Tuesday, August 19, 2008

Making Myths Real

Making Myths Real

By Eden Robins

What so interesting about a werewolf in Guess jeans or a vampire in a Vera Wang dress? Or how about an elf riding a Harley or a gargoyle who enjoys an ice cold Bud Light after work?

Relativity, of course.

Give me a preternatural creature with a good case of the everyday blues, falling in love or just sick and tired of the daily grind and I’ll give you a story folks are interested in.

I don’t pretend to know the highs and lows of the literary market, but I can tell you what I’ve learned so far in writing paranormals and urban fantasies.

Readers like familiar.

Readers like relating to characters.

Readers like that moment when they recognize something about a character that they know or understand very well based on their own life experiences. And I know as an avid reader myself how much I appreciate that connectivity. I also know I want my fantasy characters to have fantasy characteristics and larger than life stories. Yet on the same note, I really want to be able to climb into the heads of the hero or heroine and, well, understand them.

That’s one of the things I like so much about Stephen King’s books. People always asked me why I admire his work. Do I like horror, blood and gore that much? Nope, actually I don’t. Though a little horror, blood and gore does add a bit of something to my tales that I can’t resist, that isn’t why I enjoy reading Mr. King’s work.

Rather, it’s his ability to present his characters in such a way that no matter the horror of the setting, situation or story I feel like I’m inside his character’s head every step of the way. Granted I often go there kicking and screaming in fear, but nevertheless I’m there. And as I go, each and every time I’m able to find some kind of connection to that character that may not have endeared him, her or it to me, but still I’m able to detect and hone in on a bit of “humanness” to them that I can relate to. That connection can be love, like, hate, repulsion or deep seated fear, but still and always, it’s a connection.

For that, I’m eternally grateful to Stephen King.

He taught me a valuable lesson.

No matter who my characters are, it’s important to make them relatable.

I need to make my myths real.

I need to create characters in such a way that readers can crawl inside their heads and find something to hold on to as they take the sometimes wild ride my stories go on. No matter what they are, no matter the myth surrounding them, it’s my goal to produce a kind of “relativity” in my characters that can’t be denied. I strive to form these larger than life heroes and heroines in such a way that the everyday is still a part of them.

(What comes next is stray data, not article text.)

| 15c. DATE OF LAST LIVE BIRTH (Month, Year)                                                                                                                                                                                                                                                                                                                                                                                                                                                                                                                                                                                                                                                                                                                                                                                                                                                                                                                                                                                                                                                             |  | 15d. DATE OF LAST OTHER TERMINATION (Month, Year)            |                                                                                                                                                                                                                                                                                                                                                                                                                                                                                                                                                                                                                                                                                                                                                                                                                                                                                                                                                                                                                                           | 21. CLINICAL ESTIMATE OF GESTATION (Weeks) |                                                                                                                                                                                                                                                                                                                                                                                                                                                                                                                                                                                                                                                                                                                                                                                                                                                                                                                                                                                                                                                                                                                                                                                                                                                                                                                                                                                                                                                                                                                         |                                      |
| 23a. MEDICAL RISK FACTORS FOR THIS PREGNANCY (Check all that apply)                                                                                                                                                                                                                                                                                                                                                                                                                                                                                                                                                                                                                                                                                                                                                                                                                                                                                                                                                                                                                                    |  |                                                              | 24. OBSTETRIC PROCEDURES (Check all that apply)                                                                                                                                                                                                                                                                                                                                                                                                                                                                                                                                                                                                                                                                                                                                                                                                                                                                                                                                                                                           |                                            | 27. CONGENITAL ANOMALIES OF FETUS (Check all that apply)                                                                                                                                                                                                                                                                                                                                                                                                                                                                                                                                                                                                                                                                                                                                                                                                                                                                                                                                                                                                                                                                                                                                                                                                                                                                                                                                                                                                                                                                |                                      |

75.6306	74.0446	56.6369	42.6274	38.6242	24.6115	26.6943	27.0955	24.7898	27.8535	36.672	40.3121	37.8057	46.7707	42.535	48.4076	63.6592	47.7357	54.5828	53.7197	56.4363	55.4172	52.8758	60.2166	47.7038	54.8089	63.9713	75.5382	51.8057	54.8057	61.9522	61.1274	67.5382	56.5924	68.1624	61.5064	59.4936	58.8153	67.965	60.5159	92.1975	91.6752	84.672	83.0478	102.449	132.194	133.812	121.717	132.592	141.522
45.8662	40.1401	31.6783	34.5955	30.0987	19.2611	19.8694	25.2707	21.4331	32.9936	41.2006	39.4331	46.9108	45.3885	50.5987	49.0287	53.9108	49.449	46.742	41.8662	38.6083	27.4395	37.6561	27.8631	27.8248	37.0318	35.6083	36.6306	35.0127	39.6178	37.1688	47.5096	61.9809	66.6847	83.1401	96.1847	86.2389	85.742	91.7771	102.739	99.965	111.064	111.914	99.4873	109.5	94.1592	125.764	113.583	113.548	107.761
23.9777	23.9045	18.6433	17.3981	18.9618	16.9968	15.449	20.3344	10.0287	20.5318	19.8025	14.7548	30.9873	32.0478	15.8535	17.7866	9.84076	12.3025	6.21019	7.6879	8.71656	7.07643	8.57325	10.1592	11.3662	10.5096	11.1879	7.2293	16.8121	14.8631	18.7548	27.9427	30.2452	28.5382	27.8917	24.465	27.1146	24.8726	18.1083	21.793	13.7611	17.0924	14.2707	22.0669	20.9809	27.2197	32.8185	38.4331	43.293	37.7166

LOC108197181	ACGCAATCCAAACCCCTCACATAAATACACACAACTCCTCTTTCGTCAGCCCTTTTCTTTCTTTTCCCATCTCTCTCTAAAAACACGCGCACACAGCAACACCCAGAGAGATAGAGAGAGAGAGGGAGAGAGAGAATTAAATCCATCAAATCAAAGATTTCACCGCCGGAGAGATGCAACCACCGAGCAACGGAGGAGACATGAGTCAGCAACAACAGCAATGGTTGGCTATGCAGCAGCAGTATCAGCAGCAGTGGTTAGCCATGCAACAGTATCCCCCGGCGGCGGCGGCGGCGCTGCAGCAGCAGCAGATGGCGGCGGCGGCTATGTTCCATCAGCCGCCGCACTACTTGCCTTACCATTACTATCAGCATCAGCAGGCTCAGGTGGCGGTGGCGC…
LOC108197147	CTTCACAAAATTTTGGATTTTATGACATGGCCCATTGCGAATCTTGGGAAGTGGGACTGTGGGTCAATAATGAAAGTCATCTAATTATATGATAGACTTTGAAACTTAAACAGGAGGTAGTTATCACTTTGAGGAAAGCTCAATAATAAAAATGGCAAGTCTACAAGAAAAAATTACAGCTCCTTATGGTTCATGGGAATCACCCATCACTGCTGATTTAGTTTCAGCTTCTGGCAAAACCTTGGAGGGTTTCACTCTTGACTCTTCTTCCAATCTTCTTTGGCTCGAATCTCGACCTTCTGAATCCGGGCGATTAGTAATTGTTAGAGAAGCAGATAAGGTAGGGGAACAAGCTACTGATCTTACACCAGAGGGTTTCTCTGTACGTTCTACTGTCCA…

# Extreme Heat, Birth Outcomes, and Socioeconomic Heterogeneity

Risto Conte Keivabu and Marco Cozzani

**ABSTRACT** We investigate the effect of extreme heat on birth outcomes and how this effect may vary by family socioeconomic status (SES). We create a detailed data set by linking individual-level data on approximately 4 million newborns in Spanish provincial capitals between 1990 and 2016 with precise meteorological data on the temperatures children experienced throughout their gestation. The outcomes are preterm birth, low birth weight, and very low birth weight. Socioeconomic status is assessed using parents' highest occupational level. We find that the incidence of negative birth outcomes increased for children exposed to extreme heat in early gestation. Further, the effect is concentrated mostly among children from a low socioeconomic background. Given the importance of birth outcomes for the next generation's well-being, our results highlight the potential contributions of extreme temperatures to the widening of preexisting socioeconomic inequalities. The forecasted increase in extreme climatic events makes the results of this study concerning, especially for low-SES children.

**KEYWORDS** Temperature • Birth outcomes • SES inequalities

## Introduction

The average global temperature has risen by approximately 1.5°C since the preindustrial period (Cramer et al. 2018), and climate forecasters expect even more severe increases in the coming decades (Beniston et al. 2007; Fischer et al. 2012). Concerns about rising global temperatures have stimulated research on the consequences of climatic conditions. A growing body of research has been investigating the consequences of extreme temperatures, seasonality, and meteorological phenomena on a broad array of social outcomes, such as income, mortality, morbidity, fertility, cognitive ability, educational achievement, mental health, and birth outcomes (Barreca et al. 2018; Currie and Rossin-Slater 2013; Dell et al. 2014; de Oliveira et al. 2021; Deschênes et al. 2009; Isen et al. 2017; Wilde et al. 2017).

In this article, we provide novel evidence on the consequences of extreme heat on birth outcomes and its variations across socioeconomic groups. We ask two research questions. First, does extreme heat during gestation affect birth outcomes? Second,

In my soon to be released urban fantasy, ILLUMINATION, the third book in my AFTER SUNDOWN series, my hero is a gargoyle and my heroine a witch. Oh, and I also throw in some vamps, an elf, a fairy, a goblin and of course a siren of the sea.

Siren of the sea?

Yep. You betcha. Right out of Greek mythology, I have an honest to goodness-hypnotizing-voice-that-draws-men-closer Siren of the Sea. So, what about her? So she’s a siren, so what? Well, get this, she may be a siren of the sea, but she also has endless man problems. Weird huh? I mean you have a voice that hypnotizes men, has them following you around like puppy dogs and makes them basically want to be your love slave. How can you have man problems? Well, think of it this way. How does she know why a man likes her? Do they like her for her or do they like her just because of her siren’s voice? And how does she know? I mean, how does she really know for sure?

In addition to that, she works as an informant for Sundown Security, an agency filled with hunky alpha males and, well, you can begin to see the problem. Do they like her for her, do they like her just because of her voice, or do they like her because she gets them the information they need?

So now, suddenly this mythological creature is no longer just a mythological being. Now she has become so much more. This larger than life fantasy has become relatable. She’s become a woman, with a woman’s hopes, dreams and fears. I can definitely relate to that. I hope my readers can too.

And you know what? I LOVED constructing her for this series! So much so, that I might just have to give her her very own story. You see, she and a certain, uh, sexy fairy have sparks shooting strong and bright between them. Of course, she’s asking herself over and over again in a million different ways that all important question.

Why?

But that is another story…

EDEN ROBINS hears voices in her head. Her characters' voices, that is. She loves creating new worlds and complex characters that always seem to find their way into one sticky predicament or another. She enjoys helping them get untangled from these situations, only to find themselves entangled in love affairs that will last for all time.
With the success of her futuristic Tomorrow trilogy and After Sundown urban fantasy series, Eden is firmly entrenched in the world of Science Fiction, Fantasy and Paranormal Romance. Please visit Eden at www.edenrobins.com or send her an e-mail at edenrobins@gmail.com

© Copyright Eden Robins

2 comments:

Erin Quinn (aka Erin Grady) said...

Great article, Eden. I'm a Stephen King fan for exactly the same reasons. Your new book sounds great! Erin

Tia Dani said...

Very nice blog, Eden. I will be watching for ILLUMINATION. Love your faery tale characters.